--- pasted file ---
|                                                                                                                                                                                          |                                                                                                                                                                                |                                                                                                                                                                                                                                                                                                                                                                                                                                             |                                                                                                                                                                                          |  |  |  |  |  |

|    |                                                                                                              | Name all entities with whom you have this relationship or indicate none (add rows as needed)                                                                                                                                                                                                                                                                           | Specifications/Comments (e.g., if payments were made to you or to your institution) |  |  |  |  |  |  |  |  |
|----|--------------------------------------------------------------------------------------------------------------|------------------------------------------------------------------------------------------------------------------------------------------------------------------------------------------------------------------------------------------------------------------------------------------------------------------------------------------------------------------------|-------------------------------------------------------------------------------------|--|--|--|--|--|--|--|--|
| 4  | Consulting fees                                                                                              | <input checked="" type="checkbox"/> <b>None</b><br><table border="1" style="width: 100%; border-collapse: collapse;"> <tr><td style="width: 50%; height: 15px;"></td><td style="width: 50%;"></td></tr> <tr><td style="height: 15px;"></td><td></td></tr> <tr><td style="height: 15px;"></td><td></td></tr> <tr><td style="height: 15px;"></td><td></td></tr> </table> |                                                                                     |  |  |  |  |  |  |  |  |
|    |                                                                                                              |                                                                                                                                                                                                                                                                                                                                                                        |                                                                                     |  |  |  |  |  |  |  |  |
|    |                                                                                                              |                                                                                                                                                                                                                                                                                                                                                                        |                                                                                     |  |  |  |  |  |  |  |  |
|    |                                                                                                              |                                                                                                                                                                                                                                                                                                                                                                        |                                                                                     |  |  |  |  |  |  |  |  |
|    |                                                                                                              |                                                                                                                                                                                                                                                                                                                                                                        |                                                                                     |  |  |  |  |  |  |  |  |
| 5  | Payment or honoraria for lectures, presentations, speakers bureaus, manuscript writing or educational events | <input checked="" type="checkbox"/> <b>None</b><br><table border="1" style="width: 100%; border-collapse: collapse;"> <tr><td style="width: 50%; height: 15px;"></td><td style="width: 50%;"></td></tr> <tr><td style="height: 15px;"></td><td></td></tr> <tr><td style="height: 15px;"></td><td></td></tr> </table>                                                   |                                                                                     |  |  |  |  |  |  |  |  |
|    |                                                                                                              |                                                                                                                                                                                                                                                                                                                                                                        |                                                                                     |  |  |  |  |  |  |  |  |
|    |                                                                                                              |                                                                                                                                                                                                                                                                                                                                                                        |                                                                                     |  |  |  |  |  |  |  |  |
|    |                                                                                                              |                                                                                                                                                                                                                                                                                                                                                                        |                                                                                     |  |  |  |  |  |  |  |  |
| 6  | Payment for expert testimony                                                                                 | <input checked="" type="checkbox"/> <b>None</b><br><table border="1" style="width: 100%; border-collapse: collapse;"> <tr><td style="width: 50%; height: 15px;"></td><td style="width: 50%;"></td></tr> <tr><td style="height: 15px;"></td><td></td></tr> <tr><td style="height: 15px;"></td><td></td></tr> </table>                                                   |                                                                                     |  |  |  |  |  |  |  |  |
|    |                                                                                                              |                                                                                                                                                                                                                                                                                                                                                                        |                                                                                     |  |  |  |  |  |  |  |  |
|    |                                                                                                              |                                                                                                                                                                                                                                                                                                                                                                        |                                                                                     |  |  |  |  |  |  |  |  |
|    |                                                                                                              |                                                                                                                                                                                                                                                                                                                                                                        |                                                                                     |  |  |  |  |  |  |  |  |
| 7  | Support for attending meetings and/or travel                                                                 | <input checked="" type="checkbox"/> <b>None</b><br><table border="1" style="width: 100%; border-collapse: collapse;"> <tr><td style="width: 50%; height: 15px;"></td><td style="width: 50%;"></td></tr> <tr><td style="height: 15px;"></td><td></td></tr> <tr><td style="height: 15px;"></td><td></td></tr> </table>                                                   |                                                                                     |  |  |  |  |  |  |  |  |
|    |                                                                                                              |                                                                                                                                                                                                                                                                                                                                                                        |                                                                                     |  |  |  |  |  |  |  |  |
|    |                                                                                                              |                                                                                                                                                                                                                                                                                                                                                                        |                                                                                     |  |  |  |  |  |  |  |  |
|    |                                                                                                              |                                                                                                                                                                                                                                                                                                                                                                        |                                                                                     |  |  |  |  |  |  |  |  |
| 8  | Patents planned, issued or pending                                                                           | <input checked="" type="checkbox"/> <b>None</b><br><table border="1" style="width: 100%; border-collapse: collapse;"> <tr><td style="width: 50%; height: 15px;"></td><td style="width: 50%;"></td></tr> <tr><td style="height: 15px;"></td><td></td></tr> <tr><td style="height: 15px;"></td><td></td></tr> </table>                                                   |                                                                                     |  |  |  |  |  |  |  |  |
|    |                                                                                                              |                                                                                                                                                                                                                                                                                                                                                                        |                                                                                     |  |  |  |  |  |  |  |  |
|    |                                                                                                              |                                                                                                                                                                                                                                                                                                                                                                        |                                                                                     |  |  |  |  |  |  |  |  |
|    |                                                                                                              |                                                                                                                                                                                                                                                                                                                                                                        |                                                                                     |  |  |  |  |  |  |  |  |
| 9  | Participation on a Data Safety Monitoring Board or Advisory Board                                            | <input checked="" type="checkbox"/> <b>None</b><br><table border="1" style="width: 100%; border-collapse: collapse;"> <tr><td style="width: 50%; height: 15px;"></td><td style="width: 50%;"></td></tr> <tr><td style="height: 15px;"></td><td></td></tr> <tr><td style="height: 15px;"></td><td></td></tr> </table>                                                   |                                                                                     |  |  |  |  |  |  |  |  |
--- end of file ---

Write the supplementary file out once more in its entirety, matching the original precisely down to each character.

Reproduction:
|                                                                                                                                                                                          |                                                                                                                                                                                |                                                                                                                                                                                                                                                                                                                                                                                                                                             |                                                                                                                                                                                          |  |  |  |  |  |

|    |                                                                                                              | Name all entities with whom you have this relationship or indicate none (add rows as needed)                                                                                                                                                                                                                                                                           | Specifications/Comments (e.g., if payments were made to you or to your institution) |  |  |  |  |  |  |  |  |
|----|--------------------------------------------------------------------------------------------------------------|------------------------------------------------------------------------------------------------------------------------------------------------------------------------------------------------------------------------------------------------------------------------------------------------------------------------------------------------------------------------|-------------------------------------------------------------------------------------|--|--|--|--|--|--|--|--|
| 4  | Consulting fees                                                                                              | <input checked="" type="checkbox"/> <b>None</b><br><table border="1" style="width: 100%; border-collapse: collapse;"> <tr><td style="width: 50%; height: 15px;"></td><td style="width: 50%;"></td></tr> <tr><td style="height: 15px;"></td><td></td></tr> <tr><td style="height: 15px;"></td><td></td></tr> <tr><td style="height: 15px;"></td><td></td></tr> </table> |                                                                                     |  |  |  |  |  |  |  |  |
|    |                                                                                                              |                                                                                                                                                                                                                                                                                                                                                                        |                                                                                     |  |  |  |  |  |  |  |  |
|    |                                                                                                              |                                                                                                                                                                                                                                                                                                                                                                        |                                                                                     |  |  |  |  |  |  |  |  |
|    |                                                                                                              |                                                                                                                                                                                                                                                                                                                                                                        |                                                                                     |  |  |  |  |  |  |  |  |
|    |                                                                                                              |                                                                                                                                                                                                                                                                                                                                                                        |                                                                                     |  |  |  |  |  |  |  |  |
| 5  | Payment or honoraria for lectures, presentations, speakers bureaus, manuscript writing or educational events | <input checked="" type="checkbox"/> <b>None</b><br><table border="1" style="width: 100%; border-collapse: collapse;"> <tr><td style="width: 50%; height: 15px;"></td><td style="width: 50%;"></td></tr> <tr><td style="height: 15px;"></td><td></td></tr> <tr><td style="height: 15px;"></td><td></td></tr> </table>                                                   |                                                                                     |  |  |  |  |  |  |  |  |
|    |                                                                                                              |                                                                                                                                                                                                                                                                                                                                                                        |                                                                                     |  |  |  |  |  |  |  |  |
|    |                                                                                                              |                                                                                                                                                                                                                                                                                                                                                                        |                                                                                     |  |  |  |  |  |  |  |  |
|    |                                                                                                              |                                                                                                                                                                                                                                                                                                                                                                        |                                                                                     |  |  |  |  |  |  |  |  |
| 6  | Payment for expert testimony                                                                                 | <input checked="" type="checkbox"/> <b>None</b><br><table border="1" style="width: 100%; border-collapse: collapse;"> <tr><td style="width: 50%; height: 15px;"></td><td style="width: 50%;"></td></tr> <tr><td style="height: 15px;"></td><td></td></tr> <tr><td style="height: 15px;"></td><td></td></tr> </table>                                                   |                                                                                     |  |  |  |  |  |  |  |  |
|    |                                                                                                              |                                                                                                                                                                                                                                                                                                                                                                        |                                                                                     |  |  |  |  |  |  |  |  |
|    |                                                                                                              |                                                                                                                                                                                                                                                                                                                                                                        |                                                                                     |  |  |  |  |  |  |  |  |
|    |                                                                                                              |                                                                                                                                                                                                                                                                                                                                                                        |                                                                                     |  |  |  |  |  |  |  |  |
| 7  | Support for attending meetings and/or travel                                                                 | <input checked="" type="checkbox"/> <b>None</b><br><table border="1" style="width: 100%; border-collapse: collapse;"> <tr><td style="width: 50%; height: 15px;"></td><td style="width: 50%;"></td></tr> <tr><td style="height: 15px;"></td><td></td></tr> <tr><td style="height: 15px;"></td><td></td></tr> </table>                                                   |                                                                                     |  |  |  |  |  |  |  |  |
|    |                                                                                                              |                                                                                                                                                                                                                                                                                                                                                                        |                                                                                     |  |  |  |  |  |  |  |  |
|    |                                                                                                              |                                                                                                                                                                                                                                                                                                                                                                        |                                                                                     |  |  |  |  |  |  |  |  |
|    |                                                                                                              |                                                                                                                                                                                                                                                                                                                                                                        |                                                                                     |  |  |  |  |  |  |  |  |
| 8  | Patents planned, issued or pending                                                                           | <input checked="" type="checkbox"/> <b>None</b><br><table border="1" style="width: 100%; border-collapse: collapse;"> <tr><td style="width: 50%; height: 15px;"></td><td style="width: 50%;"></td></tr> <tr><td style="height: 15px;"></td><td></td></tr> <tr><td style="height: 15px;"></td><td></td></tr> </table>                                                   |                                                                                     |  |  |  |  |  |  |  |  |
|    |                                                                                                              |                                                                                                                                                                                                                                                                                                                                                                        |                                                                                     |  |  |  |  |  |  |  |  |
|    |                                                                                                              |                                                                                                                                                                                                                                                                                                                                                                        |                                                                                     |  |  |  |  |  |  |  |  |
|    |                                                                                                              |                                                                                                                                                                                                                                                                                                                                                                        |                                                                                     |  |  |  |  |  |  |  |  |
| 9  | Participation on a Data Safety Monitoring Board or Advisory Board                                            | <input checked="" type="checkbox"/> <b>None</b><br><table border="1" style="width: 100%; border-collapse: collapse;"> <tr><td style="width: 50%; height: 15px;"></td><td style="width: 50%;"></td></tr> <tr><td style="height: 15px;"></td><td></td></tr> <tr><td style="height: 15px;"></td><td></td></tr> </table>                                                   |                                                                                     |  |  |  |  |  |  |  |  |